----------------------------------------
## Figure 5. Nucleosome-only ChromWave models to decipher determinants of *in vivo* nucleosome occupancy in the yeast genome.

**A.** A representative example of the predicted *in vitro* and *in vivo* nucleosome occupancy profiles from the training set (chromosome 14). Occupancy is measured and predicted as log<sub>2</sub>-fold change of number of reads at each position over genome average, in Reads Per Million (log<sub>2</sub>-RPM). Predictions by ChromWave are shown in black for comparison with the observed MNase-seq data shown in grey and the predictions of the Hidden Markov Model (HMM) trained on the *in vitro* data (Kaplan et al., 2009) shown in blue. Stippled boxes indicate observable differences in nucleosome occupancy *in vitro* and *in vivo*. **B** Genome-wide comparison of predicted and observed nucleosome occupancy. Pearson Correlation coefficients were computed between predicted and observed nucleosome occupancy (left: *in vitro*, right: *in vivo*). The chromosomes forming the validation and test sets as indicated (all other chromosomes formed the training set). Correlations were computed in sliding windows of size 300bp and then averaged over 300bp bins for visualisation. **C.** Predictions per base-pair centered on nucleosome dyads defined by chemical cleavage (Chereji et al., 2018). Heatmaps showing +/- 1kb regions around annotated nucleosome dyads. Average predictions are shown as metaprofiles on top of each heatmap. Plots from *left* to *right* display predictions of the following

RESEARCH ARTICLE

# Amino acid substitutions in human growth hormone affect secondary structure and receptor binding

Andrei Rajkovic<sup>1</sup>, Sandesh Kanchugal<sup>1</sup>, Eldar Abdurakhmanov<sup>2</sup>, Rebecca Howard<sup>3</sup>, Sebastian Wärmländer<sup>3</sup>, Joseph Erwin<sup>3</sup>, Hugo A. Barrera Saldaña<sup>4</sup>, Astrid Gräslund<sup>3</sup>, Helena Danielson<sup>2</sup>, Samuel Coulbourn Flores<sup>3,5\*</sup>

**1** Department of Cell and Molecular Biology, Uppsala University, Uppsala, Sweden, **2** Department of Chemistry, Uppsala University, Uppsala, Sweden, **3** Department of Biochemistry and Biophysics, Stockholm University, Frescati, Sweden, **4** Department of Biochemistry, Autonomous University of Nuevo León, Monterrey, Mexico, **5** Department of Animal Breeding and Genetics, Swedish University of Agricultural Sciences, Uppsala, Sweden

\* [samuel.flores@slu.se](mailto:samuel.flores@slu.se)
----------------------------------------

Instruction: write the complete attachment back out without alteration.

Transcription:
## Figure 5. Nucleosome-only ChromWave models to decipher determinants of *in vivo* nucleosome occupancy in the yeast genome.

**A.** A representative example of the predicted *in vitro* and *in vivo* nucleosome occupancy profiles from the training set (chromosome 14). Occupancy is measured and predicted as log<sub>2</sub>-fold change of number of reads at each position over genome average, in Reads Per Million (log<sub>2</sub>-RPM). Predictions by ChromWave are shown in black for comparison with the observed MNase-seq data shown in grey and the predictions of the Hidden Markov Model (HMM) trained on the *in vitro* data (Kaplan et al., 2009) shown in blue. Stippled boxes indicate observable differences in nucleosome occupancy *in vitro* and *in vivo*. **B** Genome-wide comparison of predicted and observed nucleosome occupancy. Pearson Correlation coefficients were computed between predicted and observed nucleosome occupancy (left: *in vitro*, right: *in vivo*). The chromosomes forming the validation and test sets as indicated (all other chromosomes formed the training set). Correlations were computed in sliding windows of size 300bp and then averaged over 300bp bins for visualisation. **C.** Predictions per base-pair centered on nucleosome dyads defined by chemical cleavage (Chereji et al., 2018). Heatmaps showing +/- 1kb regions around annotated nucleosome dyads. Average predictions are shown as metaprofiles on top of each heatmap. Plots from *left* to *right* display predictions of the following

RESEARCH ARTICLE

# Amino acid substitutions in human growth hormone affect secondary structure and receptor binding

Andrei Rajkovic<sup>1</sup>, Sandesh Kanchugal<sup>1</sup>, Eldar Abdurakhmanov<sup>2</sup>, Rebecca Howard<sup>3</sup>, Sebastian Wärmländer<sup>3</sup>, Joseph Erwin<sup>3</sup>, Hugo A. Barrera Saldaña<sup>4</sup>, Astrid Gräslund<sup>3</sup>, Helena Danielson<sup>2</sup>, Samuel Coulbourn Flores<sup>3,5\*</sup>

**1** Department of Cell and Molecular Biology, Uppsala University, Uppsala, Sweden, **2** Department of Chemistry, Uppsala University, Uppsala, Sweden, **3** Department of Biochemistry and Biophysics, Stockholm University, Frescati, Sweden, **4** Department of Biochemistry, Autonomous University of Nuevo León, Monterrey, Mexico, **5** Department of Animal Breeding and Genetics, Swedish University of Agricultural Sciences, Uppsala, Sweden

\* [samuel.flores@slu.se](mailto:samuel.flores@slu.se)